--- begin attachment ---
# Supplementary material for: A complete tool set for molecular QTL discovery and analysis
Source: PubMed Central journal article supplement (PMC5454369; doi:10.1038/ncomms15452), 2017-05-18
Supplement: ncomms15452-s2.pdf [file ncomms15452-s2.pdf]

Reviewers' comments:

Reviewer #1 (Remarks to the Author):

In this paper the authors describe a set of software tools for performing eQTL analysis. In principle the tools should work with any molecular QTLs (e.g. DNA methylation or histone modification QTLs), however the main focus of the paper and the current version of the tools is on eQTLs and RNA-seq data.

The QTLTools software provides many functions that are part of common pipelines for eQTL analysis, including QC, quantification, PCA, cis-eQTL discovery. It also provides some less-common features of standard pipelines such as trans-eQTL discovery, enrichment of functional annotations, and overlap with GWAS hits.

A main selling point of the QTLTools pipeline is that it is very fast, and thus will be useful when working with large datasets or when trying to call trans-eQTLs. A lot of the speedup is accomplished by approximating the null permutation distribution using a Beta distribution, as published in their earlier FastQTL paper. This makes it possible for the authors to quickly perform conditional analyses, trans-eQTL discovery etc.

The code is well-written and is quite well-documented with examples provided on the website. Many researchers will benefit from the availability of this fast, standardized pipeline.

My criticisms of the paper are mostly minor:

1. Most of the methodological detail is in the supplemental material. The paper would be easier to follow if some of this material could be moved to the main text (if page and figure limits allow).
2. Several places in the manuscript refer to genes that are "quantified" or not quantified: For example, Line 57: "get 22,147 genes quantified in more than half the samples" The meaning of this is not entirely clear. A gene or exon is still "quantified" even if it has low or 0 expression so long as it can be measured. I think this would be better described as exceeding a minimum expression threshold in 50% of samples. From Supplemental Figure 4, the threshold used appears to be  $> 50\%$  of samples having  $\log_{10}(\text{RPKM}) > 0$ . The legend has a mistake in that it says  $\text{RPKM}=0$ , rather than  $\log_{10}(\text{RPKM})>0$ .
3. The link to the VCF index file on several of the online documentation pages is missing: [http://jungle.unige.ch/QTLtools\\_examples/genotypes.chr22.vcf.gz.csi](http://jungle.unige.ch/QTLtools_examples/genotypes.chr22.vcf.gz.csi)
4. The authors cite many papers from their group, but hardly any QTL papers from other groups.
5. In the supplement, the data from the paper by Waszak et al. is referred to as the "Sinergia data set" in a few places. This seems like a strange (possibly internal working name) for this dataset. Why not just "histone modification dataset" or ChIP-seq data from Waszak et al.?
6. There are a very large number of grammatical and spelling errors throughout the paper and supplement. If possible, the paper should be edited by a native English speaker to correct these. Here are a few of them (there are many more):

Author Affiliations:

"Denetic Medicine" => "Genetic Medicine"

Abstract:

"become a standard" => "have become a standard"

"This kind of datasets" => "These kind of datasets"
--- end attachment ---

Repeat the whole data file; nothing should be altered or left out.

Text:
# Supplementary material for: A complete tool set for molecular QTL discovery and analysis
Source: PubMed Central journal article supplement (PMC5454369; doi:10.1038/ncomms15452), 2017-05-18
Supplement: ncomms15452-s2.pdf [file ncomms15452-s2.pdf]

Reviewers' comments:

Reviewer #1 (Remarks to the Author):

In this paper the authors describe a set of software tools for performing eQTL analysis. In principle the tools should work with any molecular QTLs (e.g. DNA methylation or histone modification QTLs), however the main focus of the paper and the current version of the tools is on eQTLs and RNA-seq data.

The QTLTools software provides many functions that are part of common pipelines for eQTL analysis, including QC, quantification, PCA, cis-eQTL discovery. It also provides some less-common features of standard pipelines such as trans-eQTL discovery, enrichment of functional annotations, and overlap with GWAS hits.

A main selling point of the QTLTools pipeline is that it is very fast, and thus will be useful when working with large datasets or when trying to call trans-eQTLs. A lot of the speedup is accomplished by approximating the null permutation distribution using a Beta distribution, as published in their earlier FastQTL paper. This makes it possible for the authors to quickly perform conditional analyses, trans-eQTL discovery etc.

The code is well-written and is quite well-documented with examples provided on the website. Many researchers will benefit from the availability of this fast, standardized pipeline.

My criticisms of the paper are mostly minor:

1. Most of the methodological detail is in the supplemental material. The paper would be easier to follow if some of this material could be moved to the main text (if page and figure limits allow).
2. Several places in the manuscript refer to genes that are "quantified" or not quantified: For example, Line 57: "get 22,147 genes quantified in more than half the samples" The meaning of this is not entirely clear. A gene or exon is still "quantified" even if it has low or 0 expression so long as it can be measured. I think this would be better described as exceeding a minimum expression threshold in 50% of samples. From Supplemental Figure 4, the threshold used appears to be  $> 50\%$  of samples having  $\log_{10}(\text{RPKM}) > 0$ . The legend has a mistake in that it says  $\text{RPKM}=0$ , rather than  $\log_{10}(\text{RPKM})>0$ .
3. The link to the VCF index file on several of the online documentation pages is missing: [http://jungle.unige.ch/QTLtools\\_examples/genotypes.chr22.vcf.gz.csi](http://jungle.unige.ch/QTLtools_examples/genotypes.chr22.vcf.gz.csi)
4. The authors cite many papers from their group, but hardly any QTL papers from other groups.
5. In the supplement, the data from the paper by Waszak et al. is referred to as the "Sinergia data set" in a few places. This seems like a strange (possibly internal working name) for this dataset. Why not just "histone modification dataset" or ChIP-seq data from Waszak et al.?
6. There are a very large number of grammatical and spelling errors throughout the paper and supplement. If possible, the paper should be edited by a native English speaker to correct these. Here are a few of them (there are many more):

Author Affiliations:

"Denetic Medicine" => "Genetic Medicine"

Abstract:

"become a standard" => "have become a standard"

"This kind of datasets" => "These kind of datasets"